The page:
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Monday, June 29, 2015

The Ledo Road to China from Assam: Engineering Feat of the US Army

The Second World War was watershed in world history. The European and Pacific theaters are well known, but there is a forgotten theater often referred to as the CBI (China-Burma –India) theater that is not so well publicized.
The Japanese occupied Manchuria in 1931. Sporadic fighting was replaced by full scale operations in 1937. Chinese ports were blockaded and China needed another source for supplies. This resulted in the Burma Road being built from Kunming, China to a railhead at Lashio, Burma in 1938.
In 1942 the Japanese invaded Burma and occupied it driving the British-Indian forces out of Burma. The result was that the Burma Road was closed. There was an urgent need for a second road to carry supplies to China during the war. This was how the concept of the Ledo road came about. The Ledo road started from Ledo in Assam India and winded from the tea gardens to the jungles and mountains of northern Burma till it joined up with the Burma Road
The Ledo Road was the handiwork of U.S. Army Engineers and Indian labor from Assam.
The road was an engineering marvel and went over some of the toughest mountains and densest jungles existing anywhere. Add the heavy monsoon for 5 months in a year and one can realize that the Ledo road was no ordinary engineering feat.
The man who commanded the building of the road was General Lewis A. Pick (1890-56) He commented that it was the toughest job ever given to U.S. Army Engineers in wartime.
The construction of the road commenced on 16 December 1942 and continued unabated for 3 years. Finally the Ledo road was declared operational on 20 May 1945. Though completed towards the fag end of the war it still transported an estimated 35,000 tons of supplies to China. The road ran 465 miles from Ledo in Assam ( India) to Mongyu, Burma, near Wanting, China.
Military planners did discuss the utility of the road compared to the air lift from Assam to Burma by elements of the USAF. But its importance was strategic and though not built to original specifications like a two lane highway, it yet served a specific purpose. The road as it was built served as a combat highway and gave succor to a pipe line that ran parallel to it.
The Ledo road and its construction is basically an American effort, but it was never given its due share of importance. This was because of the low priority of the CBI Theater. This sector was declared open in March 3, 1942 and is often referred to as the Forgotten Theater of World War II.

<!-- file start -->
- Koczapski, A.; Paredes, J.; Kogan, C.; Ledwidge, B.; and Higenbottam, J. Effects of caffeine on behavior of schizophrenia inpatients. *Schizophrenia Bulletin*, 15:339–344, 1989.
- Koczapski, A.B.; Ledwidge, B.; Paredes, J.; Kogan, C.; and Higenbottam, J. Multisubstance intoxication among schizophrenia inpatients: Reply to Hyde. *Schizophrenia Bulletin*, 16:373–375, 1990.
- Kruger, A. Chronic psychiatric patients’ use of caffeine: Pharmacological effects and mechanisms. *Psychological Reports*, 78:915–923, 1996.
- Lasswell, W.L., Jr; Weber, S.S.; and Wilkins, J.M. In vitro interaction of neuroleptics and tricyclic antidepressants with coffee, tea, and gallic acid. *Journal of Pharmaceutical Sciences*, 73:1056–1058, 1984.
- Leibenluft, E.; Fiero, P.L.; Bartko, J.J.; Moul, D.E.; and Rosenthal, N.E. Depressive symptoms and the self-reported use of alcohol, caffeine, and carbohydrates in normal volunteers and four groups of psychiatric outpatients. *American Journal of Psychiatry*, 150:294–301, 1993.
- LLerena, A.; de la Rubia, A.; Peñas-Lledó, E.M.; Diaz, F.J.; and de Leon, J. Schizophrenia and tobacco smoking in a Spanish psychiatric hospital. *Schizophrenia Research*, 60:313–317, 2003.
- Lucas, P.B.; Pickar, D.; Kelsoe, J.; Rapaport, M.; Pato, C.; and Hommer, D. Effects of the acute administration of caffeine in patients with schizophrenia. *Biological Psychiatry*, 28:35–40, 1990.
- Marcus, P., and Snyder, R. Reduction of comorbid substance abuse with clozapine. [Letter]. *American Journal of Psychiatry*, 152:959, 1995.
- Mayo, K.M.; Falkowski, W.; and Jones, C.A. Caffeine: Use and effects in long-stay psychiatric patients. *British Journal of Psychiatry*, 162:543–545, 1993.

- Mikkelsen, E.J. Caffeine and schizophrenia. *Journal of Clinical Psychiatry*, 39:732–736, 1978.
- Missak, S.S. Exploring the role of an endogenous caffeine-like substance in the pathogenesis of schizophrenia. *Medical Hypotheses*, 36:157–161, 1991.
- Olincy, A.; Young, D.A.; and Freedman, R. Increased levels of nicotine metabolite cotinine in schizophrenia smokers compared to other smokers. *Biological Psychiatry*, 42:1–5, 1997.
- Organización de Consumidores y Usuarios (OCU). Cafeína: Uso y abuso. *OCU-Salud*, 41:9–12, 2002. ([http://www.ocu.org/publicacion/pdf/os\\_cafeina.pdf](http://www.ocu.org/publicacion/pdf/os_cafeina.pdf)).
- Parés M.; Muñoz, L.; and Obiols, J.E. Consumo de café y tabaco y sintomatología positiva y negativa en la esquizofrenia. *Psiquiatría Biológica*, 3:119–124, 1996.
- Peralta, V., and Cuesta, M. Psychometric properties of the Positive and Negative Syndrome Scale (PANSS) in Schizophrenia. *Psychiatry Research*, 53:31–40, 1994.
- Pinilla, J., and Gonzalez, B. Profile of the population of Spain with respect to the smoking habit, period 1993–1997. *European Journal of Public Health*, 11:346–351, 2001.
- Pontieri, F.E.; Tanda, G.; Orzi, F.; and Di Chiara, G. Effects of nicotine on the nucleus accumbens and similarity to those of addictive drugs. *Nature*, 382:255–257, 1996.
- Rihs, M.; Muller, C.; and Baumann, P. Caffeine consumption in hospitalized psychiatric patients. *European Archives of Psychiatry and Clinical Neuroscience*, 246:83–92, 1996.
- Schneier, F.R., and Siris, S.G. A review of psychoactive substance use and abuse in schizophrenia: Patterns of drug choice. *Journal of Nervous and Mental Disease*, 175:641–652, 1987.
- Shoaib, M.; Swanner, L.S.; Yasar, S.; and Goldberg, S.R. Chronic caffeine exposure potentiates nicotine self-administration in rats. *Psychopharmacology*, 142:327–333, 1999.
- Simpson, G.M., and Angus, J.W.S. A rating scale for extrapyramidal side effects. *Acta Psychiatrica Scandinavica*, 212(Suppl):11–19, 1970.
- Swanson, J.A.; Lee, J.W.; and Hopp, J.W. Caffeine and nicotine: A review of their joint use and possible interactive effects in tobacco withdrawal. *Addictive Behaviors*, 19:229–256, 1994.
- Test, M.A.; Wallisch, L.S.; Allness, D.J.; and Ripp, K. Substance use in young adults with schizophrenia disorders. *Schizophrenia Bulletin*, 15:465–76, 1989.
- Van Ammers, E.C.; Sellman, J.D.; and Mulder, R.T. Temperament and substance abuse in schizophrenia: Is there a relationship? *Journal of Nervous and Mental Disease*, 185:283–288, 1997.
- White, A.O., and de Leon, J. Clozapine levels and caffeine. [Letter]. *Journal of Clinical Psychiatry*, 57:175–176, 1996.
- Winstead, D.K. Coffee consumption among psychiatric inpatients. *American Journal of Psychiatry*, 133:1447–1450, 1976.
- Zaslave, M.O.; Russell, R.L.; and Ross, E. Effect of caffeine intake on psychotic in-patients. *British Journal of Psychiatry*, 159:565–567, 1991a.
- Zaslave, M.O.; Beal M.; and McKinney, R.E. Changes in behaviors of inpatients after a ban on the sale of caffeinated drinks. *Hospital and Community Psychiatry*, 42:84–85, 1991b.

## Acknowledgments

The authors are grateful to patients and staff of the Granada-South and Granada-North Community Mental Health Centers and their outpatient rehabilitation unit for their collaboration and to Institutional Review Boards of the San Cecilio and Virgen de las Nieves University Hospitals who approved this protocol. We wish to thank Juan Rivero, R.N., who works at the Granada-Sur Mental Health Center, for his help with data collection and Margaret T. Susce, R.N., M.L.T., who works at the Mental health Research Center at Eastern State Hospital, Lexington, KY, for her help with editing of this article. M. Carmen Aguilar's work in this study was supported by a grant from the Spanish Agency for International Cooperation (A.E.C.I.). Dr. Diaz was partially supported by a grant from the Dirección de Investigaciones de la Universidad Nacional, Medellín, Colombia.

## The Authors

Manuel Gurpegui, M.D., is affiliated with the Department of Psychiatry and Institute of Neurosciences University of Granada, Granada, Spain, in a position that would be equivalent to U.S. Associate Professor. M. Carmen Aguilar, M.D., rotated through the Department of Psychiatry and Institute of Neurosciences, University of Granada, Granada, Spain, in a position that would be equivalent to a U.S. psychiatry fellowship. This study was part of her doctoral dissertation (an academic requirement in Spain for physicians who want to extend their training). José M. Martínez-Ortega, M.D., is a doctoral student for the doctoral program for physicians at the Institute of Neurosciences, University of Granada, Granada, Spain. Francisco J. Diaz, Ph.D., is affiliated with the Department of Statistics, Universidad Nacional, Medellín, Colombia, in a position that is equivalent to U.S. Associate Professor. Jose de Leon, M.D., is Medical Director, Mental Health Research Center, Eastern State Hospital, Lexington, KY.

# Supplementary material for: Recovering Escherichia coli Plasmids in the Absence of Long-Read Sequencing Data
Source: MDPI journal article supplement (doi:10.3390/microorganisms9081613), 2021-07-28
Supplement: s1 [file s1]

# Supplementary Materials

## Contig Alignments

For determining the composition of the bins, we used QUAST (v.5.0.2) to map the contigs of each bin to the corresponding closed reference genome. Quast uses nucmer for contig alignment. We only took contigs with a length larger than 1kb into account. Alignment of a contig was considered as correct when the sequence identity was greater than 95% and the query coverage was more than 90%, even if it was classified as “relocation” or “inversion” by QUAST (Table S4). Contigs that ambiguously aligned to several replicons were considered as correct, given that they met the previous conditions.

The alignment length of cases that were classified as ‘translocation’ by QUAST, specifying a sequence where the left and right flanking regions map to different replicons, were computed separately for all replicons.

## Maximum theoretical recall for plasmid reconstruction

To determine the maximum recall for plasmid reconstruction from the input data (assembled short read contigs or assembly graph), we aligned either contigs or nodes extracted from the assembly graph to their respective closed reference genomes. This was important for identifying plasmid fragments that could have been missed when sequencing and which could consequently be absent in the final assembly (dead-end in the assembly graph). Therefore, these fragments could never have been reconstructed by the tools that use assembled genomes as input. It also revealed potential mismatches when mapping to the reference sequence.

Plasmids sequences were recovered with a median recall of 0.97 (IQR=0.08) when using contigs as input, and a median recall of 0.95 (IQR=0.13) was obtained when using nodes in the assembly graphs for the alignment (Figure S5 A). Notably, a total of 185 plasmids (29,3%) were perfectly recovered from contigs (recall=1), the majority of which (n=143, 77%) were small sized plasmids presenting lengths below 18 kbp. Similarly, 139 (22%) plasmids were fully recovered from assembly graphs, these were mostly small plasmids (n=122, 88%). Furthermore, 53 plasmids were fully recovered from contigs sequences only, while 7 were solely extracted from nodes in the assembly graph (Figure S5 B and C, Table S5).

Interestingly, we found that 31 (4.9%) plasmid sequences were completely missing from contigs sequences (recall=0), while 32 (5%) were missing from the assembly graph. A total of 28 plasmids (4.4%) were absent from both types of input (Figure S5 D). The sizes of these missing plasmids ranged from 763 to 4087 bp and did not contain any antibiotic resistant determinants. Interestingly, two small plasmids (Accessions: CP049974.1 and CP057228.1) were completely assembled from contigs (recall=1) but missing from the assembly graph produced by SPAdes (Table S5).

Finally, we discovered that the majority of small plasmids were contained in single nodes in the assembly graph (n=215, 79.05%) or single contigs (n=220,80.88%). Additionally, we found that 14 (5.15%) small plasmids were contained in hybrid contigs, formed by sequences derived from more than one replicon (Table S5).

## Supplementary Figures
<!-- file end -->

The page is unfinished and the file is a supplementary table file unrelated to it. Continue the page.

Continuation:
Not many know that at the height of the war America had mobilized   12,300,000 Americans for the war effort. Out of this gigantic figure only 250,000 (two percent) were assigned to the CBI theater. Thus it was inevitable that the CBI did not feature in the minds of the American people back home. But  the 12,000 mile supply line was the longest in the war and also having the least priority
US service men though small in numbers did yeoman service in the CBI Theater. The Ledo road is a testimony to their indomitable courage. These men along with Indian and British troops tied up many Japanese divisions. The USAF also carried out a massive airlift ‘over the hump” to China from Assam. The Ledo road was an adjunct to that supply lift. . Ledo was chosen because it was close to the northern terminus of a rail line which had direct CONNECTION to the  ports of Calcutta and Bombay. Construction of the Ledo Road was completed in early 1945.
The American role was to support China by providing war materials. The United States air forces theFlying Tigers fought the Japanese in the air over China and Burma and Army Air Forces flew suppliesOver the Hump from India to China. US Army Engineers built the Ledo Road to open up the land supply route. It was a supreme engineering achievement.
What about the human and material cost? The total Ledo road fatalities were 1133 out of which 261 were from the engineering regiments. The road cost $148,910 million at that time